Although it may seem fairly obvious, a 2013 study from the Clinical Psychological Science journal confirmed that people going through a divorce are more likely to experience depression. It mainly affects those who have already suffered from previous depression. During the study, almost 60 percent of people with a history of depression who got divorced suffered from a “depressive episode.” Compare that with only 10 percent of people without a history of depression who found themselves suffering from the condition.
It’s not unusual to have trouble sleeping when we are under stress, but it can become a vicious cycle. “In the sleep world, stress is to sleep as yin is to yang — opposite forces that are forever linked,”says sleep specialist Chris Winter, MD. “Stress prevents sleep. Sleep deprivation increases stress and its consequences.” But, with some discipline in prioritising sleep and developing good habits you can begin to see some positive changes to your stress levels. Long term sleep deprivation can play havoc with your blood pressure and with your mental health, so it’s wise to get some help if you’re having trouble sleeping for more than a couple of months following a divorce.
Who Am I?
We can struggle with our identity when key relationships are shifted. One 2010 study found that our sense of self is disrupted after a break-up. “We know that relationships change the way we think about ourselves,” says study author Erica Slotter of Northwestern University, “When a relationship ends, that sense of self ends.” Divorce impacts your health emotionally and mentally, as well as physically.
Digestive Issues and Weakened Immune System
A ‘funny-tummy’ is common when we are stressed or anxious, but over long periods of time these issues can progressively worsen and we end up with heartburn, irritable bowel syndrome and reflux. Stress also means that our immune system is affected and we end up with colds and flu more easily than usual. Our emotional life can make us more prone to illness.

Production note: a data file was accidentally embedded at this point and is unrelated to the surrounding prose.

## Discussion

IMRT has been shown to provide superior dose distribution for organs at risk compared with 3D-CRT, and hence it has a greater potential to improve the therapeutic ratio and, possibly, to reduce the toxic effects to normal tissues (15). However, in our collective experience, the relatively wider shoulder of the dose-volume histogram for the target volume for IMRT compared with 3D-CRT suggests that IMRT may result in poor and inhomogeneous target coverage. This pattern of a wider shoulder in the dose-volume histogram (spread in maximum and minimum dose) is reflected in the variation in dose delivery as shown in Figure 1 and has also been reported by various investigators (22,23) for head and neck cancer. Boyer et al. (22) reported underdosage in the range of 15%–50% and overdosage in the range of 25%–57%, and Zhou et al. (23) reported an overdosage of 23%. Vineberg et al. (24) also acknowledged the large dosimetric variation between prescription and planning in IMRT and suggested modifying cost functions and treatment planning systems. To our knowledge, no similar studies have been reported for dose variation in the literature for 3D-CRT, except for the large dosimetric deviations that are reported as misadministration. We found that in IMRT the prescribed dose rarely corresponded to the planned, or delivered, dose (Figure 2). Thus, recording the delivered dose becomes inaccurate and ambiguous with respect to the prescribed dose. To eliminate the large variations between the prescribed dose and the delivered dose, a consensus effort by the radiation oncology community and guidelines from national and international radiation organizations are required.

Comfort eating is a contributor here, but even more so is our friend cortisol again. Yale research has found that extra abdominal fat in otherwise thin women was correlated to higher cortisol levels. So, ‘stress made me fat’ is partly true, but reaching for healthier foods will help to control what can easily become a very large issue.
What to do?
Being prepared will help you get through a difficult time. Now you know that divorce impacts your health, you can take proactive steps to reduce the negative consequences. Look after yourself. Speak kindly to yourself. Be patient with the healing of your heart and settling into new routines. In a study looking at the long term effects of divorce, most people reported feeling better by the time they’d reached the two year mark. That might seem like a long way off now, but take each day one at a time.
“You need to have more compassion for yourself, because then your body will have less of a response,” says Hall. “And optimism: If you really know that you’re going to make it through it and you have confidence in that, then you’ll also have less of a physiological response.”
A healthy diet, exercise and good sleep and relaxation are all important in helping to alleviate the stress of divorce. How you think about yourself and your future will also affect your wellbeing. You may not always be a good judge of how you’re going, so enlist the help of friends to be honest and to check in on you. Divorce is not the end of your life, but the start of a new chapter. If you haven’t been so good at it, today can be the beginning of looking after you.
Please contact us today if you’d like to speak to one of our friendly family lawyers. We offer a free, 10-minute consultation.